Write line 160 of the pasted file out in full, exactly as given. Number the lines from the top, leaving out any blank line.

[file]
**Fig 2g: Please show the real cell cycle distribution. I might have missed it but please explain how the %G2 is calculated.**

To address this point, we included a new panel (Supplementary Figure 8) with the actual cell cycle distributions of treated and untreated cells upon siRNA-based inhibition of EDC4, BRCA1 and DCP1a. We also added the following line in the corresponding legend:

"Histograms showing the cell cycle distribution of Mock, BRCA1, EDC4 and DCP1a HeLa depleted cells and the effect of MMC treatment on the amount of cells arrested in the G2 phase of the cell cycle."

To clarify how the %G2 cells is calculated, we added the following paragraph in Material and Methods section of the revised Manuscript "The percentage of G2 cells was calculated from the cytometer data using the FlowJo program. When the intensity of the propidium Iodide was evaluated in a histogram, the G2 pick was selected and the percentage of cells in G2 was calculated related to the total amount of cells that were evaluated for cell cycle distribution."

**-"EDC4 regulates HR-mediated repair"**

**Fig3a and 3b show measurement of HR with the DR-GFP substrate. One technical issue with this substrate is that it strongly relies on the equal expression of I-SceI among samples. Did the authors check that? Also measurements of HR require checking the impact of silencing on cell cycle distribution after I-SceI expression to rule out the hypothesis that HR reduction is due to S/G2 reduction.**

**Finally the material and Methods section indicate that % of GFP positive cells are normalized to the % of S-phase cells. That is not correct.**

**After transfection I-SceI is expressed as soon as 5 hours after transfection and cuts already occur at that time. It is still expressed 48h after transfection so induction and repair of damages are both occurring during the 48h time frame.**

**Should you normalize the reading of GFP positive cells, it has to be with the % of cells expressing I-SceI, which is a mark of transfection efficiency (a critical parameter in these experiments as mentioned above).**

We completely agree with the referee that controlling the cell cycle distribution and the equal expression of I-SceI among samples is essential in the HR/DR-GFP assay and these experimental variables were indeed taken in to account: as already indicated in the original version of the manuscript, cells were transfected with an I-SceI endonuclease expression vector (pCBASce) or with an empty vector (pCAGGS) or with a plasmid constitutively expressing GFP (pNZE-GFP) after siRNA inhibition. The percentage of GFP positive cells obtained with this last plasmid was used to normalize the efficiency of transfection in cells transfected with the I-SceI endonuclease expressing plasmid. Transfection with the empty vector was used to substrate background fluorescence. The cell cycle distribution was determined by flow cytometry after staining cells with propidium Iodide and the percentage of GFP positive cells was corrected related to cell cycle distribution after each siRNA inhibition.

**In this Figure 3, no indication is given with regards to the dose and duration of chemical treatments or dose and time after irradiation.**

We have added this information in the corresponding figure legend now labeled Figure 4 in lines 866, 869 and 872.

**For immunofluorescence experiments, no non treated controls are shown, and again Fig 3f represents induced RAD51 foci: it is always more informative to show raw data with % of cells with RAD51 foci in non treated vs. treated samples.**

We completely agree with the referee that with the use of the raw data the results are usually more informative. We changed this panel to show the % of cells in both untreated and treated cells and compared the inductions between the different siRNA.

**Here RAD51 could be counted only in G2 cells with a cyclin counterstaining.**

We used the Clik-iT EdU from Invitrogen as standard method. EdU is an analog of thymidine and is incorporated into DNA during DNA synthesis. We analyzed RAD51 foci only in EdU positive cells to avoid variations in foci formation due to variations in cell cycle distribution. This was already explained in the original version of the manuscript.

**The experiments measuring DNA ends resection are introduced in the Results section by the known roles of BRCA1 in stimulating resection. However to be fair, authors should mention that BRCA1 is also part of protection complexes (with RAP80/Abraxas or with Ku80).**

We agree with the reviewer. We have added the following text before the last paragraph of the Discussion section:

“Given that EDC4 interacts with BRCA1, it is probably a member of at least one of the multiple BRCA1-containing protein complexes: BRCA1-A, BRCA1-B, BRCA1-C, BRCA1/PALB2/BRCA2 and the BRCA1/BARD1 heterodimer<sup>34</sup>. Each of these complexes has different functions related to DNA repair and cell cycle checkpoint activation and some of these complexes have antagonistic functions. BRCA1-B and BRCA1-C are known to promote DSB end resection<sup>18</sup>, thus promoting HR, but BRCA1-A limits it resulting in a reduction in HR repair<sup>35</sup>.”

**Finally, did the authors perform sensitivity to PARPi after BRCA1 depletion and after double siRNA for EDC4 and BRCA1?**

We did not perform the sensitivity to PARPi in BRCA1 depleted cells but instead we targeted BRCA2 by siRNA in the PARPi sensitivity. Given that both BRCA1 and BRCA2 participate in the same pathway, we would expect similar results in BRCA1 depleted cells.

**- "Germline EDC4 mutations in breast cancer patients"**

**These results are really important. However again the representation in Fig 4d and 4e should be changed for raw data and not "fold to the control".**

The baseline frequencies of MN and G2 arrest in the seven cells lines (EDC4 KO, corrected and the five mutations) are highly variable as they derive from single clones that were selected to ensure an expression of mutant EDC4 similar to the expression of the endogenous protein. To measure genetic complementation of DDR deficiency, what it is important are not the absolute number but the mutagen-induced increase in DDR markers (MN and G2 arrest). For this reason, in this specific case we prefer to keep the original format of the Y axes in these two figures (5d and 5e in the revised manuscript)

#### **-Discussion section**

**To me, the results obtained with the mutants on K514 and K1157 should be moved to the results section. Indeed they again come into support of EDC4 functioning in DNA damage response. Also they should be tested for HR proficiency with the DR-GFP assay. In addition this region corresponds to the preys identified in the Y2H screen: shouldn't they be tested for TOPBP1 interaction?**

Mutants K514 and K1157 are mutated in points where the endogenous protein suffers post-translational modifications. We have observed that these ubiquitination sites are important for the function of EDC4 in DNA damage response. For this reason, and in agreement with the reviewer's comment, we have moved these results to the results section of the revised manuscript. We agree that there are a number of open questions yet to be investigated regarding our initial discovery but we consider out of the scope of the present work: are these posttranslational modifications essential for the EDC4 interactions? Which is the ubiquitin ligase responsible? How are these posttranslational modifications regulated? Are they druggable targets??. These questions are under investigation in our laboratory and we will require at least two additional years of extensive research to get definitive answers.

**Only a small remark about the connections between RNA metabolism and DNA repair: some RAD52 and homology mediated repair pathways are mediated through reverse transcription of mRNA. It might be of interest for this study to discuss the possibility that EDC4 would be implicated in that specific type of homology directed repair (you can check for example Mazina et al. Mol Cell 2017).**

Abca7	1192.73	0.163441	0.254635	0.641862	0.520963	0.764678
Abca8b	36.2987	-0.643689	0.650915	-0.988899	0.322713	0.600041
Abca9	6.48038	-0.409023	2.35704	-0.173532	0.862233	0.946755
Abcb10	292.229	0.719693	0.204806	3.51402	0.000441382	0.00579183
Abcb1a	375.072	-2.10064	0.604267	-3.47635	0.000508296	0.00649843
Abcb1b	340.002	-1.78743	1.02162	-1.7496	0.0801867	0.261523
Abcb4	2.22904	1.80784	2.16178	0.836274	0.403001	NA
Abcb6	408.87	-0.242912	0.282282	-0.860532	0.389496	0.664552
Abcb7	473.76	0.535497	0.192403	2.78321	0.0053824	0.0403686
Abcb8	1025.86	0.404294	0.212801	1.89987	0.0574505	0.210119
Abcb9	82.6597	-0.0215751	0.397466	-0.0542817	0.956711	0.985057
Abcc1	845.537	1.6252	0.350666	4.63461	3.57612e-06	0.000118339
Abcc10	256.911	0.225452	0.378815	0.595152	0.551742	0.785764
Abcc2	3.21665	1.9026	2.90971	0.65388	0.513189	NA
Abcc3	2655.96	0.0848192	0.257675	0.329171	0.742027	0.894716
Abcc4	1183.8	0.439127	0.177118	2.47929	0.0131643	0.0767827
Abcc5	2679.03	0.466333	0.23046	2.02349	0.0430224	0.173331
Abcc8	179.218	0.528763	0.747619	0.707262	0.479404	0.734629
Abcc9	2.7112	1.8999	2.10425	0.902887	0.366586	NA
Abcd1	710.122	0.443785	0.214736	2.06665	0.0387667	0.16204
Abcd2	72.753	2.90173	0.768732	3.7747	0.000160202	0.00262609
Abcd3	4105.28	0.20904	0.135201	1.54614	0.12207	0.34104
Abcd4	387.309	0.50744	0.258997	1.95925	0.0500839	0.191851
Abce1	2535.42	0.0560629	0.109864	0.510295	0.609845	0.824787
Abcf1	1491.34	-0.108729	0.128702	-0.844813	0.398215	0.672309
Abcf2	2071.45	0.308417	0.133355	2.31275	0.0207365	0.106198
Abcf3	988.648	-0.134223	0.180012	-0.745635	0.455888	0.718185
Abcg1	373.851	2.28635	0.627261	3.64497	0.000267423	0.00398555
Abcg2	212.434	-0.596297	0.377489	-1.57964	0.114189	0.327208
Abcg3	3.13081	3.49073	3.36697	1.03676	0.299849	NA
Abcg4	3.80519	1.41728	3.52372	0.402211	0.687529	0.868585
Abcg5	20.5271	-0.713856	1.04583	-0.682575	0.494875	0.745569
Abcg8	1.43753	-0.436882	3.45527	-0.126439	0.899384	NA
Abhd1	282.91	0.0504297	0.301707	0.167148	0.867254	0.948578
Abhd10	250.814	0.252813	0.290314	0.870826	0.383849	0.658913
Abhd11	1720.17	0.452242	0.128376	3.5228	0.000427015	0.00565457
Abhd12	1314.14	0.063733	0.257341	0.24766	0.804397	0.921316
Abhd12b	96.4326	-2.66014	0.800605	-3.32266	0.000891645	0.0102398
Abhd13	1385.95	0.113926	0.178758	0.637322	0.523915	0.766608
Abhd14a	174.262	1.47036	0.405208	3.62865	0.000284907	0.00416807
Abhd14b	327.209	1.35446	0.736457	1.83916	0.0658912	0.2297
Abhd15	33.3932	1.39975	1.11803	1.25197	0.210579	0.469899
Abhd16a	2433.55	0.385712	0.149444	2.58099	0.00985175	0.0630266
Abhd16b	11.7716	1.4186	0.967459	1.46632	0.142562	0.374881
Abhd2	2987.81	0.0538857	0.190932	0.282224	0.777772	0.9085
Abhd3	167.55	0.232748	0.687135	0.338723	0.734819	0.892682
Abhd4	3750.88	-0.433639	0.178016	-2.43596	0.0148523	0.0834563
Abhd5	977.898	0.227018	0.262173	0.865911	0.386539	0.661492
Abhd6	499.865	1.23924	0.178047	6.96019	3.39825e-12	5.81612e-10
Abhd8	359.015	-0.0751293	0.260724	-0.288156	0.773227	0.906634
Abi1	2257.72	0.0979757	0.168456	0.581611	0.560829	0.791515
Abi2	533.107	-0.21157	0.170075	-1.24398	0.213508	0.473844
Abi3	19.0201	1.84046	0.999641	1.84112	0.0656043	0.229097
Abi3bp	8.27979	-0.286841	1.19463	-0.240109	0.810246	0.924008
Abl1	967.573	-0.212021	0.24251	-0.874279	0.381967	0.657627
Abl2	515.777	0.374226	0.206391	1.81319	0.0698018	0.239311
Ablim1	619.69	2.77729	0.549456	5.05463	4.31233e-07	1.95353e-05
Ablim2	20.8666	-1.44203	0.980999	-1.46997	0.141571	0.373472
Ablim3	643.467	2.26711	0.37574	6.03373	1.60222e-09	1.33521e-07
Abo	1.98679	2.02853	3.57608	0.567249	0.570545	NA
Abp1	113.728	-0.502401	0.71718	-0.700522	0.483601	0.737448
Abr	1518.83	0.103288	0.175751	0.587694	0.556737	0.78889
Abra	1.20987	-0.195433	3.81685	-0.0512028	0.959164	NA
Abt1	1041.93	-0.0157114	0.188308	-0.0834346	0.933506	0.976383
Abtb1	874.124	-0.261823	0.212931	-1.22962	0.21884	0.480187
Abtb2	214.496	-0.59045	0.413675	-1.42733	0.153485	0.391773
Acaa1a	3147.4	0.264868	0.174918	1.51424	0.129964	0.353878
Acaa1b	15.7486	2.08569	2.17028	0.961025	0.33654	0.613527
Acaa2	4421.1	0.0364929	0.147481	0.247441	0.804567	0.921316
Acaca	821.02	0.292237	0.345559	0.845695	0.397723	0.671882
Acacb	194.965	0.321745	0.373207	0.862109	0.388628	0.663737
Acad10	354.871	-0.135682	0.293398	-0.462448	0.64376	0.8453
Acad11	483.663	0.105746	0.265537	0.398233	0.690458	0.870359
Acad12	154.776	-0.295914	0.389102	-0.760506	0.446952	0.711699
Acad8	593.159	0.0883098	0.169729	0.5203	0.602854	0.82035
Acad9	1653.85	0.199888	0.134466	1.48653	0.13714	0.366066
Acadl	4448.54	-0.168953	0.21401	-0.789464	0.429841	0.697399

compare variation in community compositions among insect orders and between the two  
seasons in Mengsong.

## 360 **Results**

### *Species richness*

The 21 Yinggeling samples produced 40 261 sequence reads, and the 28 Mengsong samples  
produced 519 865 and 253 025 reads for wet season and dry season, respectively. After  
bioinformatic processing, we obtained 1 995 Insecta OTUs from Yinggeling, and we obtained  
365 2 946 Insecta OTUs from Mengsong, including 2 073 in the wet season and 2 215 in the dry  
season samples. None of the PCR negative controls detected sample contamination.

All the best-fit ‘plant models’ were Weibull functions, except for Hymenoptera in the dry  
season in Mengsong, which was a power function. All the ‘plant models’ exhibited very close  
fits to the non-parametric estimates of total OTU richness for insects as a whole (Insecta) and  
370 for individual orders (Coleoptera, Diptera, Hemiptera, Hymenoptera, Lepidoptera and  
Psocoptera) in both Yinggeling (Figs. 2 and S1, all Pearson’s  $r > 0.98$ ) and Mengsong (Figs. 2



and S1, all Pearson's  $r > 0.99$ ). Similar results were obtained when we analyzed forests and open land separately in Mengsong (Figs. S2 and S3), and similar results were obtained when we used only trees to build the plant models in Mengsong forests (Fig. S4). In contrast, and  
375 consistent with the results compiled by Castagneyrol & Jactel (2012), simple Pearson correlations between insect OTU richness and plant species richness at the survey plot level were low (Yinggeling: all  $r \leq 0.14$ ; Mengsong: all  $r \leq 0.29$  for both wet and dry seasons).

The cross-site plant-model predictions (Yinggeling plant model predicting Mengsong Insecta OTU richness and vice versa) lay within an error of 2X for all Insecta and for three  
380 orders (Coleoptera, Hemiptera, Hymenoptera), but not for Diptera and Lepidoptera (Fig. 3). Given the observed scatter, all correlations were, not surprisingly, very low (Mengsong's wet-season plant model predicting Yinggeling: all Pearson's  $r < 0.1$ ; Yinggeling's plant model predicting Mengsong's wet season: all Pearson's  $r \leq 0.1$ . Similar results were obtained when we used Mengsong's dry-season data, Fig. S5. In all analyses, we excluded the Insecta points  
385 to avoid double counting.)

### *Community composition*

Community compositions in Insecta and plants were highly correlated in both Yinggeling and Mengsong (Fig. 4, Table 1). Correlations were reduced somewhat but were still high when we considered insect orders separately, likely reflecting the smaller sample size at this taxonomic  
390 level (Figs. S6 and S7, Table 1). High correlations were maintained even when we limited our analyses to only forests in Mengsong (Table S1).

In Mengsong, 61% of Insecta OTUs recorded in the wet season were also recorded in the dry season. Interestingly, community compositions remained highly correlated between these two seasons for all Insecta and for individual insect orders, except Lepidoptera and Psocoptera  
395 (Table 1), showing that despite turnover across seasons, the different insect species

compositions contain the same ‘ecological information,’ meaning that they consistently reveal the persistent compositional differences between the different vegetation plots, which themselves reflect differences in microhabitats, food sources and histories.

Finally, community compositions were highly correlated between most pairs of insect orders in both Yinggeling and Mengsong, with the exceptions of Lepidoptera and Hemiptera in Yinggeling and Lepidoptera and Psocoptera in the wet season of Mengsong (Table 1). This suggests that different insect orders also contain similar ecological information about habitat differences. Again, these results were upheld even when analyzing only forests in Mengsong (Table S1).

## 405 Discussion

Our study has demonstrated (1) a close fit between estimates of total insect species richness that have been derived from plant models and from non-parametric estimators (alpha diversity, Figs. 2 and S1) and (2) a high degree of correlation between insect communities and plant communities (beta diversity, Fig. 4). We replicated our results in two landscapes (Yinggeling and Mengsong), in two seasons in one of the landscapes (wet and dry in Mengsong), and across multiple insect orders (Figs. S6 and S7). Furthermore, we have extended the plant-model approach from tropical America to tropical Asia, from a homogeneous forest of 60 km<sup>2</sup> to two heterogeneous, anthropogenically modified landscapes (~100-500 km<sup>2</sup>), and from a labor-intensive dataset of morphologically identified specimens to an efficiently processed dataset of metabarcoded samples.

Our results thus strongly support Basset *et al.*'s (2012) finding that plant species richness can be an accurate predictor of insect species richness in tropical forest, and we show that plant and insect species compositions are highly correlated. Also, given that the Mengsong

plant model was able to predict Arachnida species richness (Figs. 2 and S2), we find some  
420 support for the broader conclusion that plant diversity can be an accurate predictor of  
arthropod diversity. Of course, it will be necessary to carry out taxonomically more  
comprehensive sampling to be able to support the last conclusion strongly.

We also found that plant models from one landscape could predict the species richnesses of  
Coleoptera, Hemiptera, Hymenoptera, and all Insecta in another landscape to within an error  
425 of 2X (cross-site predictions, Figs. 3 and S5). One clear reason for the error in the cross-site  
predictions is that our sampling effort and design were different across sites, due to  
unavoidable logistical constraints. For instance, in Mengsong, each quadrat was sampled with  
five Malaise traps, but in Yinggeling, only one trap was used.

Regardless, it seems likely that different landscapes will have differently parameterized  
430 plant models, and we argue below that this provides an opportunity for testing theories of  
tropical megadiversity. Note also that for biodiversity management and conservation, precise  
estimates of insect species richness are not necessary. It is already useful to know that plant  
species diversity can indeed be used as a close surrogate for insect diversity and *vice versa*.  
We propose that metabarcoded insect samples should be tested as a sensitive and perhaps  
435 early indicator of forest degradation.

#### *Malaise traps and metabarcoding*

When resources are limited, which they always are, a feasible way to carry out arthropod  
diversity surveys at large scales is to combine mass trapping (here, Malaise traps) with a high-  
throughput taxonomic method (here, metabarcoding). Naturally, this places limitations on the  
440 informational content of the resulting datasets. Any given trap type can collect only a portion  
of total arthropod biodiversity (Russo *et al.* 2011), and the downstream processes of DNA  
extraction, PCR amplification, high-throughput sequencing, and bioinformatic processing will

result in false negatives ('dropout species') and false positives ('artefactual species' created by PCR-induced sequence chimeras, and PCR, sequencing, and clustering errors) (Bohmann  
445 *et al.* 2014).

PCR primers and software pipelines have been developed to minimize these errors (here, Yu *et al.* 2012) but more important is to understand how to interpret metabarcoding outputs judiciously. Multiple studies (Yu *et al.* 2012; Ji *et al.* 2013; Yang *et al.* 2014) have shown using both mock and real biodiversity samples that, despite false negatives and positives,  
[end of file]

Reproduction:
445 *et al.* 2014).